Does your Back to School Checklist include an Eye Exam?
According to the American Optometric Association (AOA), most of a child’s learning occurs through his or her eyes. Reading, writing and computer work are among the visual skills that students are required to perform daily. Add in the use of technology like laptops, tablets, smart phones and smart boards and these extra demands can add eye strain that could affect vision. Additionally, studies show that 86% of children start school without ever having a comprehensive eye exam.
And, while a vision screening done at your pediatric office or school can identify distance vision problems, the vision skills needed for successful reading and learning are much more complex. That’s why a comprehensive eye examination by an eye doctor is so important for children. Early detection and treatment provides the very best opportunity to correct vision problems so your child can learn to see clearly. Especially since children with vision problems frequently do not report symptoms because they think everyone sees the same way they do. And, undetected vision problems can interfere with learning and lead to academic and/or behavioral problems.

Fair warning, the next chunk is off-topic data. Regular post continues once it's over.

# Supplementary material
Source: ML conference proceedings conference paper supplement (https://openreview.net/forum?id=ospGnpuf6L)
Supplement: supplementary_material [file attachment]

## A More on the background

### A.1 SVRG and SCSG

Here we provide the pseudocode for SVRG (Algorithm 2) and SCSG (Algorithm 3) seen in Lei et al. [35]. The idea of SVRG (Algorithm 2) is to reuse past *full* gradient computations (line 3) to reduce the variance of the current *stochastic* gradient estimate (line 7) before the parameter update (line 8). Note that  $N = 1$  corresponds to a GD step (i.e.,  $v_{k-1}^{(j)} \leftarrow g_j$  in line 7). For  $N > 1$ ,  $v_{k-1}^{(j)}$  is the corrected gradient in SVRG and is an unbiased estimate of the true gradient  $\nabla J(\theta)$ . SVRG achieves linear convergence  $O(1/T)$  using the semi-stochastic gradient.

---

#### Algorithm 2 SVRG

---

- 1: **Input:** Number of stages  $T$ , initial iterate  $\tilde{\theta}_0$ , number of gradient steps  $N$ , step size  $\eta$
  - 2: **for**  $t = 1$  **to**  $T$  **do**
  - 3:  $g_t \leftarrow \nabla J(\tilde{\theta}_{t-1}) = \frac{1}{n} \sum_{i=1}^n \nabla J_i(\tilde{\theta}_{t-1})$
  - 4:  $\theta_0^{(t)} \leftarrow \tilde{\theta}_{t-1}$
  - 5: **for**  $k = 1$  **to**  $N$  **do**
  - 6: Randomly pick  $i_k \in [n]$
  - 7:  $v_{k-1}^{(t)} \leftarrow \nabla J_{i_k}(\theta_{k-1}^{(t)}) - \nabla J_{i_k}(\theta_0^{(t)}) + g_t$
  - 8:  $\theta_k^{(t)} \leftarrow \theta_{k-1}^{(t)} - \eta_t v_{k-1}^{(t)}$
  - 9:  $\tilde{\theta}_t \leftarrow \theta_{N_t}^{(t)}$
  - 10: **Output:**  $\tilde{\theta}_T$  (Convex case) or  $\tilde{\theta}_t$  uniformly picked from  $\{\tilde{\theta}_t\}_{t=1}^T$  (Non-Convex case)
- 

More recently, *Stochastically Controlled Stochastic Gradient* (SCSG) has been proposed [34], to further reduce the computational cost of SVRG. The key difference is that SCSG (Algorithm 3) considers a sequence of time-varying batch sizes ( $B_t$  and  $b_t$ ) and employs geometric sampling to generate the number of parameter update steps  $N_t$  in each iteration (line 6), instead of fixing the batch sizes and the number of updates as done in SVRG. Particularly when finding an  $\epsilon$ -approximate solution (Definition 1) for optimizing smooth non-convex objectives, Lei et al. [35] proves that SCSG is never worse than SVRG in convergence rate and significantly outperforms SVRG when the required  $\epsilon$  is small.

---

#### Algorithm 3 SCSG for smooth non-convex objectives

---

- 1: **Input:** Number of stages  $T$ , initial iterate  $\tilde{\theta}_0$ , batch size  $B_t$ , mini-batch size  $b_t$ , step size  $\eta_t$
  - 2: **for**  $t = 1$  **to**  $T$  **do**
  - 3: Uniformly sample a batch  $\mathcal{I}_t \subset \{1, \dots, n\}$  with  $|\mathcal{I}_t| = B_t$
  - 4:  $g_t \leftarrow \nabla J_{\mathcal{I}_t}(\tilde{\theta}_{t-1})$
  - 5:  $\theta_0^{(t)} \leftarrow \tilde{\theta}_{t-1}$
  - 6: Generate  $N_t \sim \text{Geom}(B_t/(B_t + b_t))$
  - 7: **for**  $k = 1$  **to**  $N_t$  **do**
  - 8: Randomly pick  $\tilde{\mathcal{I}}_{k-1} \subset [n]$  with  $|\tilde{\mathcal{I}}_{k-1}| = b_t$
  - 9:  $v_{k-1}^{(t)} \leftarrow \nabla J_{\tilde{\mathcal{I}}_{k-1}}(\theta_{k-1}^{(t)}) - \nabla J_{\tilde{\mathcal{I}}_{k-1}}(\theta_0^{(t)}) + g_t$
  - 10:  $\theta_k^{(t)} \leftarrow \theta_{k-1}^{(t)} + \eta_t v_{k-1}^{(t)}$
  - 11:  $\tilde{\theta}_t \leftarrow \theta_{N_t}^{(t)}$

Some signs the AOA lists that may indicate a child has a vision problem are:
- Loses place while reading
- Avoids close work and tends to rub eyes
- Complains of headaches
- Holds reading material closer than normal
- Makes frequent reversals when reading or writing
- Uses finger to maintain place when reading
- Omits or confuses small words when reading
- Consistently performs below potential
- Struggles to complete homework
- Squints while reading, working on computer or watching TV
Given the above, all students can benefit from a comprehensive eye examination to ensure they have the best possible vision and eye health to meet the demands of school work and extra-curricular activities. Beyond a vision screening, which typically measures distance clarity, a comprehensive eye exam can also include measurements of the potential need for eye glasses, eye alignment, depth perception, and color perception. Additionally, symptom-less, sight-threatening eye diseases, such as glaucoma or diabetes, can also be screened by eye pressure measurement and a pupil-dilated eye examination.
The AOA recommends that children receive a comprehensive eye exam every 1-2 years, or more frequently based on risk factors or as recommended by a child’s doctor. In between visits to the eye doctor, parents, as well as teachers, should keep a watchful eye out for some of the more prevalent signs that a child’s vision may be impaired.
Make eye exams part of the back to school routine. Call Dr. Mark Roy of Oakland Optometry at 248.373.6500 to schedule your eye exam appointments for your family.